Matthew 5He went up into a mountain; not for the purpose of ascending to a conspicuous position, but of retiring to a secluded one. The mountain, in this and similar expressions, must not be pictured to the mind as a single elevation of land, but rather as a tract of varied scenery, in which elevations, valleys, forests, cliffs, precipices, and lofty summits, combine to form extended regions of solitude and seclusion. When, therefore, Jesus is spoken of as going up into a mountain, we must not conceive of him as ascending a simple eminence, for the sake of a commanding position for addressing his followers, but as retiring with them to a region of solitude, for the sake of seclusion and safety—Was set. It was the custom of the Jews to sit when teaching.
Blessed; happy, highly favored—Poor in spirit; those who are humble; lowly in mind; conscious of ignorance and unworthiness.
Inherit the earth. The secure and tranquil possession of Palestine was used by the Hebrew prophets as an image expressive of the greatest felicity. Hence the words inherit the earth became a proverb, to denote the enjoyment of very great blessings.
Pure in heart; those who are not merely externally moral, but whose motives and thoughts are pure.—Shall see God; shall dwell with him in heaven.
Falsely. The reproach which professing Christians sometimes incur is deserved. The blessing is pronounced only upon those who are falsely calumniated.
Lost his savor; if the Christian character loses the life and spirit of piety.
Light a candle, &c. The idea is, that as men do not light a candle to conceal its light, but that it may shine around, so Jesus kindles the light of truth in the hearts of the disciples, not that it may be concealed there, but that it may be used to enlighten and benefit mankind.
The law and the prophets; the religious system revealed in the books of the Old Testament.—But to fulfil. The Savior fulfilled the law of Moses, in respect to its moral requirements, by bringing out clearly to view, and strongly enforcing, their spiritual meaning and intents; and, in respect to its ceremonial provisions, by accomplishing, in his own person, the great reality which these rites and ceremonies were intended to prefigure. Thus, by his instructions and example on the one hand, and by his sufferings and death on the other, all was fulfilled.
Jot; the name of the smallest Hebrew letter.—Tittle; point or corner of a letter. The idea is, not the smallest part.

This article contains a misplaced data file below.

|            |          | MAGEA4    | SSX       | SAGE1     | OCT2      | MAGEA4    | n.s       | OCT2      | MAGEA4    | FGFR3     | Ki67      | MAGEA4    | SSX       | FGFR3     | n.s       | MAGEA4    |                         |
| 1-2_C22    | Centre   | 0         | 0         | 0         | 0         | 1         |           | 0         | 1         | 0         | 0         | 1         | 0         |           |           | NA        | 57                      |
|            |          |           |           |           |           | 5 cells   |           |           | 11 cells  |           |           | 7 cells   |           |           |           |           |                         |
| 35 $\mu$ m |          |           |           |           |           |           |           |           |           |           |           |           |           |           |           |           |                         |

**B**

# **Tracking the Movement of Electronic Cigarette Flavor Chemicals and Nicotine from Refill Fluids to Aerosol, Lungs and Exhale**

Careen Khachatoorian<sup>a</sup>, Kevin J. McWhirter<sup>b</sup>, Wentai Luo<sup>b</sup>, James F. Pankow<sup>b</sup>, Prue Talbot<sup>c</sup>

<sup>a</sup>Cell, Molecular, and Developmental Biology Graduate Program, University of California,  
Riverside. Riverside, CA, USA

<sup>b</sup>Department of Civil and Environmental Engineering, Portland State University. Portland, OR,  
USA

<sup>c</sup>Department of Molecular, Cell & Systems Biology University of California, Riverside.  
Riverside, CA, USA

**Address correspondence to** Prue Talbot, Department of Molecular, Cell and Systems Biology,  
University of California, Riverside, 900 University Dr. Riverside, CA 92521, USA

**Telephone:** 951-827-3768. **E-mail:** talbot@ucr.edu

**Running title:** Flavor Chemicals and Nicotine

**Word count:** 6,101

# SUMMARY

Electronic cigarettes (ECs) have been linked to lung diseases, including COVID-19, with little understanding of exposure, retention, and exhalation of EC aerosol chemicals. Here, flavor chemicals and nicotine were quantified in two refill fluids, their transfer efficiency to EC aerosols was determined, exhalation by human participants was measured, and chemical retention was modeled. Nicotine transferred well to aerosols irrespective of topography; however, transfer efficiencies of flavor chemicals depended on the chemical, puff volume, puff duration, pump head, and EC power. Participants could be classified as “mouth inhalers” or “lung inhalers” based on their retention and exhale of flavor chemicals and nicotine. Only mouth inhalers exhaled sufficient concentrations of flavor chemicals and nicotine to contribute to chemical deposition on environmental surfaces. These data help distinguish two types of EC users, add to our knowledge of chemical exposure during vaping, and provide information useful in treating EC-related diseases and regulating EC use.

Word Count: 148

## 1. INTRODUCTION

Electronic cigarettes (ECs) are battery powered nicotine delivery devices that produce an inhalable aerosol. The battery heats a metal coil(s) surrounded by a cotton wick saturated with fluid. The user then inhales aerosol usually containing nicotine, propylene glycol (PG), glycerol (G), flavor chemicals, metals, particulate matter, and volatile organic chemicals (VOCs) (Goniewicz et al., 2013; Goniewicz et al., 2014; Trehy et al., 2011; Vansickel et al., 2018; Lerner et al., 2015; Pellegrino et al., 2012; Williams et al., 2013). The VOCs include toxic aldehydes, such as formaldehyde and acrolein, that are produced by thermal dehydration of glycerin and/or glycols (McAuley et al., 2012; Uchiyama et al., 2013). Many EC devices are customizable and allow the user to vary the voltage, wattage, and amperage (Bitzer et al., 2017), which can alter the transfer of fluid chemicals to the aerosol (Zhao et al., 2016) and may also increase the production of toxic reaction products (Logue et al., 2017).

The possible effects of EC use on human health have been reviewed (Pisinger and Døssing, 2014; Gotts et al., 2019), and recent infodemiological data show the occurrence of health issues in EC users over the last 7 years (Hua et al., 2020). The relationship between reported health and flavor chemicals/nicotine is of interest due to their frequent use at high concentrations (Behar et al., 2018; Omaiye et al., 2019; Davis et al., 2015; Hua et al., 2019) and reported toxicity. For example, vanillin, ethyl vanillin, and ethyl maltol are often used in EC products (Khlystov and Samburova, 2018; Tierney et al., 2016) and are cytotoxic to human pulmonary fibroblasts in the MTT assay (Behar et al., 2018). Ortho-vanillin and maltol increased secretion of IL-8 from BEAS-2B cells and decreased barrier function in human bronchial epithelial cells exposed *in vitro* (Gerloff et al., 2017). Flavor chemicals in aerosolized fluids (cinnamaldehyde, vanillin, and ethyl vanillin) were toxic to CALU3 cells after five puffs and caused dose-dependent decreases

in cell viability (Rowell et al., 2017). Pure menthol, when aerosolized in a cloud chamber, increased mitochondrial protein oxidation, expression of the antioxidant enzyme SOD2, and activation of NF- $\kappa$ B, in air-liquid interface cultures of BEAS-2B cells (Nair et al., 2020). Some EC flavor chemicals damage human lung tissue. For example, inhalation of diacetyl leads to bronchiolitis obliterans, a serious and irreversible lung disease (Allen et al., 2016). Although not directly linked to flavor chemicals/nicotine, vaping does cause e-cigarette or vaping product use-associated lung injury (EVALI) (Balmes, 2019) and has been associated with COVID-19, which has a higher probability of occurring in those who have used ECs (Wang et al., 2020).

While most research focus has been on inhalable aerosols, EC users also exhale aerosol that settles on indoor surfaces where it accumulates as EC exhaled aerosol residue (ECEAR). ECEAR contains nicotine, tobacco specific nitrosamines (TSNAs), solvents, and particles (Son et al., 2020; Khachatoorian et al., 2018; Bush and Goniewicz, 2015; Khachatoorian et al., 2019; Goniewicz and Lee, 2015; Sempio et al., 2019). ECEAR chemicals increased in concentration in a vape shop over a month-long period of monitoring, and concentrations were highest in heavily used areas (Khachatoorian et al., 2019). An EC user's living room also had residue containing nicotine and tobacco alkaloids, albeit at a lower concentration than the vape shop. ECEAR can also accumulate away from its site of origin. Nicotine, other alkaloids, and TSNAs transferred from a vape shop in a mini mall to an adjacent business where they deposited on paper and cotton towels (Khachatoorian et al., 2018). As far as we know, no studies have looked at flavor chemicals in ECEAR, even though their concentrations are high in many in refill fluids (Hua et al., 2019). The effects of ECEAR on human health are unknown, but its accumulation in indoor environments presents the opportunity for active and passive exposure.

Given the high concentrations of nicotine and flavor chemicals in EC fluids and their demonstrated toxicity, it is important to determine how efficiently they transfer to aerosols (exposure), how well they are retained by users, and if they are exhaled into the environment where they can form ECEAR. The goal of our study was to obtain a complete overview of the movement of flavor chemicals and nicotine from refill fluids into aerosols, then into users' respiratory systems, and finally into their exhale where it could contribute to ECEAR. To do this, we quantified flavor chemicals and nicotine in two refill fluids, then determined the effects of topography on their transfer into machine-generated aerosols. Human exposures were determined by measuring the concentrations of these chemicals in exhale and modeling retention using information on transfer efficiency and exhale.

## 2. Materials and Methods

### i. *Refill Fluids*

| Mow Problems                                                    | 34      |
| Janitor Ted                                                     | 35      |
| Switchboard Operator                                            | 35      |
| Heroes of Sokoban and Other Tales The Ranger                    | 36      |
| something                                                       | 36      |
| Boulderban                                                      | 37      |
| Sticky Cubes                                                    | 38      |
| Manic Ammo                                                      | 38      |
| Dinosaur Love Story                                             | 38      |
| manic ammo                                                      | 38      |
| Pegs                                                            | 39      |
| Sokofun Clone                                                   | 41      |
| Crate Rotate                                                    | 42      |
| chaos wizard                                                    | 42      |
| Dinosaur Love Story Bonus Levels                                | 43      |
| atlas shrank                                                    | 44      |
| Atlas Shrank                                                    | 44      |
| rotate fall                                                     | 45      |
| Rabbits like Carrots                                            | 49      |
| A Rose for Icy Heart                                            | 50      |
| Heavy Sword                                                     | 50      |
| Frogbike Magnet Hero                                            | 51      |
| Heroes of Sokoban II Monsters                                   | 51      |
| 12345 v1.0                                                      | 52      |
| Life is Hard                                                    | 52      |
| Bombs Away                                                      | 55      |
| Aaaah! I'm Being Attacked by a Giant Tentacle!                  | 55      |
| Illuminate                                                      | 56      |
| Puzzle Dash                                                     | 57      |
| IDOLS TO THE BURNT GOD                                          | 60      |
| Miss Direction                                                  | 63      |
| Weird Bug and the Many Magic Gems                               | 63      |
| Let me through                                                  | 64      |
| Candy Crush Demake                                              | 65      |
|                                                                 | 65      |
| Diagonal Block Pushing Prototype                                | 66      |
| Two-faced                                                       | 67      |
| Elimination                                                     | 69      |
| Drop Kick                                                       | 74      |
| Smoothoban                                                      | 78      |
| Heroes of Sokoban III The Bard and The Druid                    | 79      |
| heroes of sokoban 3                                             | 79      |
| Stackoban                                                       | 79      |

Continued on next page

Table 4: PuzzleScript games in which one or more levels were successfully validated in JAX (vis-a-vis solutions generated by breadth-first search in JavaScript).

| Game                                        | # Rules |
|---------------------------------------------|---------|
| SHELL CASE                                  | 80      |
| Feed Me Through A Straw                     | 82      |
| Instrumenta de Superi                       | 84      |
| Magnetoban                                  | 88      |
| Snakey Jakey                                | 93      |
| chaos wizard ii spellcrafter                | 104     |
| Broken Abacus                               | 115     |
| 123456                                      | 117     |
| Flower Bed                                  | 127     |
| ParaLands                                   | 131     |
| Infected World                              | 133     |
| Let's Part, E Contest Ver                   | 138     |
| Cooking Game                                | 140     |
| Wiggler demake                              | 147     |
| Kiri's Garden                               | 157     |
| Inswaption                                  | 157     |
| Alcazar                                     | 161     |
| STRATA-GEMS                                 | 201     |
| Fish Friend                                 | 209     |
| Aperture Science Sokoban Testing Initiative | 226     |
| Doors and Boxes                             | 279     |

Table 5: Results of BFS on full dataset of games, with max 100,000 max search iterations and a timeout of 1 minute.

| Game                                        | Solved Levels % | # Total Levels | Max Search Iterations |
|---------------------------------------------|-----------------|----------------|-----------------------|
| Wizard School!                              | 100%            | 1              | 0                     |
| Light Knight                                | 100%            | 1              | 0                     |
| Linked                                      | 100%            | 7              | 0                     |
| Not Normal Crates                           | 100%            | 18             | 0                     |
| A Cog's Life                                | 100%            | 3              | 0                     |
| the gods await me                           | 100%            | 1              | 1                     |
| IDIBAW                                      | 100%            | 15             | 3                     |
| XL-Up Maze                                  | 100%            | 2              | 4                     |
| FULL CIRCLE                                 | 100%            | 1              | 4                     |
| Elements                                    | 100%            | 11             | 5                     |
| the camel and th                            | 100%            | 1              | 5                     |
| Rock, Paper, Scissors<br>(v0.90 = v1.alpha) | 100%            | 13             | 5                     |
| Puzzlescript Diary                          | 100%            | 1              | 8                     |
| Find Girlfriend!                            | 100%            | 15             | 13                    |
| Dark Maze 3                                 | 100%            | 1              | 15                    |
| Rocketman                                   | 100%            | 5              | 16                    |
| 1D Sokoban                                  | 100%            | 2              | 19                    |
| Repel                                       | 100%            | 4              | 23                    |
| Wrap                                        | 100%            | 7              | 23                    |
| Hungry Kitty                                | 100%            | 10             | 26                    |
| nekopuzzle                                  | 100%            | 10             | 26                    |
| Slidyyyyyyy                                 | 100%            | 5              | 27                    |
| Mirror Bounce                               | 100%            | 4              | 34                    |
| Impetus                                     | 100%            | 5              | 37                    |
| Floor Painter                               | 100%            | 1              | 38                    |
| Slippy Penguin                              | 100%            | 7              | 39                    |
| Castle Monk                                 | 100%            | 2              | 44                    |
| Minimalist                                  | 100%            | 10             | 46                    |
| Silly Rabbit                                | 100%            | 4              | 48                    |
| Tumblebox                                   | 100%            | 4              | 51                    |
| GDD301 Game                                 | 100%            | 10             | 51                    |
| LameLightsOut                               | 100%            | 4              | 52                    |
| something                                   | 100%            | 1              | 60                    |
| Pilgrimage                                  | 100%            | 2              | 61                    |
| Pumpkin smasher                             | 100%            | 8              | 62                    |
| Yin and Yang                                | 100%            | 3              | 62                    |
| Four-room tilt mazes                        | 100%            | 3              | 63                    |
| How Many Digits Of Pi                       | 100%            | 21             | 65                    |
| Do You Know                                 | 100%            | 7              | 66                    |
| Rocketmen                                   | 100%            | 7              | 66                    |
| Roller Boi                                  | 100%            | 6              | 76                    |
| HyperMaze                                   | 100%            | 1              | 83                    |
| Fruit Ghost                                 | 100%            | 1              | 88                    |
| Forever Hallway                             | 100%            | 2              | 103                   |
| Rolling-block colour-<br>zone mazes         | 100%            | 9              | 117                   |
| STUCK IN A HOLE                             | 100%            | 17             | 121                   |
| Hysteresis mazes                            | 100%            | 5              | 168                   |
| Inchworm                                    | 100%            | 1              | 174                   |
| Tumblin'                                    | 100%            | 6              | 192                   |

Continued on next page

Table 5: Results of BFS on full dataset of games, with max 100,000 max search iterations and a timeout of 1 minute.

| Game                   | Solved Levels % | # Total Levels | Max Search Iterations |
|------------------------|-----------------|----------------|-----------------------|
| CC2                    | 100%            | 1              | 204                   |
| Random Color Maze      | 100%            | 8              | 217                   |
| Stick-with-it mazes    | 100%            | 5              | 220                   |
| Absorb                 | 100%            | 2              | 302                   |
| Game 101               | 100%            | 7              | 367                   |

Brother; any fellow-being.—The judgment; and inferior court of the Jews.—Raca; a term of opprobrious reproach, meaning worthless, senseless.—The council; the superior court of the Jews, called the Sanhedrim, which had jurisdiction over graver offences. This body is often alluded to in the New Testament. (Acts 5:27-41, 6:12, 22:30,)—Thou fool. The connection which this verse sustains to v. 21, shows that, in respect to all these expressions, the Savior speaks of them only as used under the influence of angry, malicious, or revengeful feeling. He himself sometimes employed this last term in just rebuke of folly and sin. (Matt. 23:19.) The meaning of the whole passage is, that the displeasure of God, and the terrible penalties of his law, are incurred by feelings of malice and anger, however slight may be the outward expression of them.
The meaning is, that we cannot offer acceptable worship to God, while cherishing unkind or hostile feelings towards a fellow-man, or neglecting to make reparation for any injury which we may have done him.
That is, it is better to yield something of our rights than to incur the evils and dangers of contending for them.
Offend thee; entice thee to sin.
Causeth her; tempts her, by placing her in a situation of exposure.
Unto the Lord thine oaths; thine oaths taken in the name of the Lord.
Swear not at all; that is, on ordinary occasions, in the common intercourse of society. All the precepts of this discourse relate to the conduct of individuals in the private relations of life; and as verses 39-42 do not forbid the resistance and punishment of wicked men, by civil governments, neither does this prohibit calling upon God to witness the truth of declarations made in the administration of public justice, or on other solemn occasions. For the example of the apostles, see Rom. 1:9.
The great King; Jehovah.
Thou canst not, &c. The human frame is the work of God.
An eye for an eye, &c. This verse was the rule of law for the guidance of the magistrate in the punishment of offenders. The Savior does not condemn it in this point of view, (v. 18,) but only prescribe another rule for individual action, in the private relations of life.
Resist not evil; bear injuries meekly, without retaliation. Like the foregoing precepts, this rule is intended to be applied to the private intercourse of society. The whole tenor of the Scriptures shows that it is the right and the duty of civil governments to exercise coercion, when necessary to restrain or punish the wicked. Paul appealed to the Roman government when in danger, and accepted the protection of an armed escort. (Acts 23:16-33.)
Go with him twain. The officers of government, in transmitting despatches, could press any man into their service, to help them on their way. This often gave rise to great oppression. Our Savior teaches his disciples not to be eager to resist the authority of the government, even when it is unjustly exercised.
Be ye perfect; perfect in respect to the extent of your benevolence and kindness; let it include all, the evil and unthankful as well as the grateful and the good.
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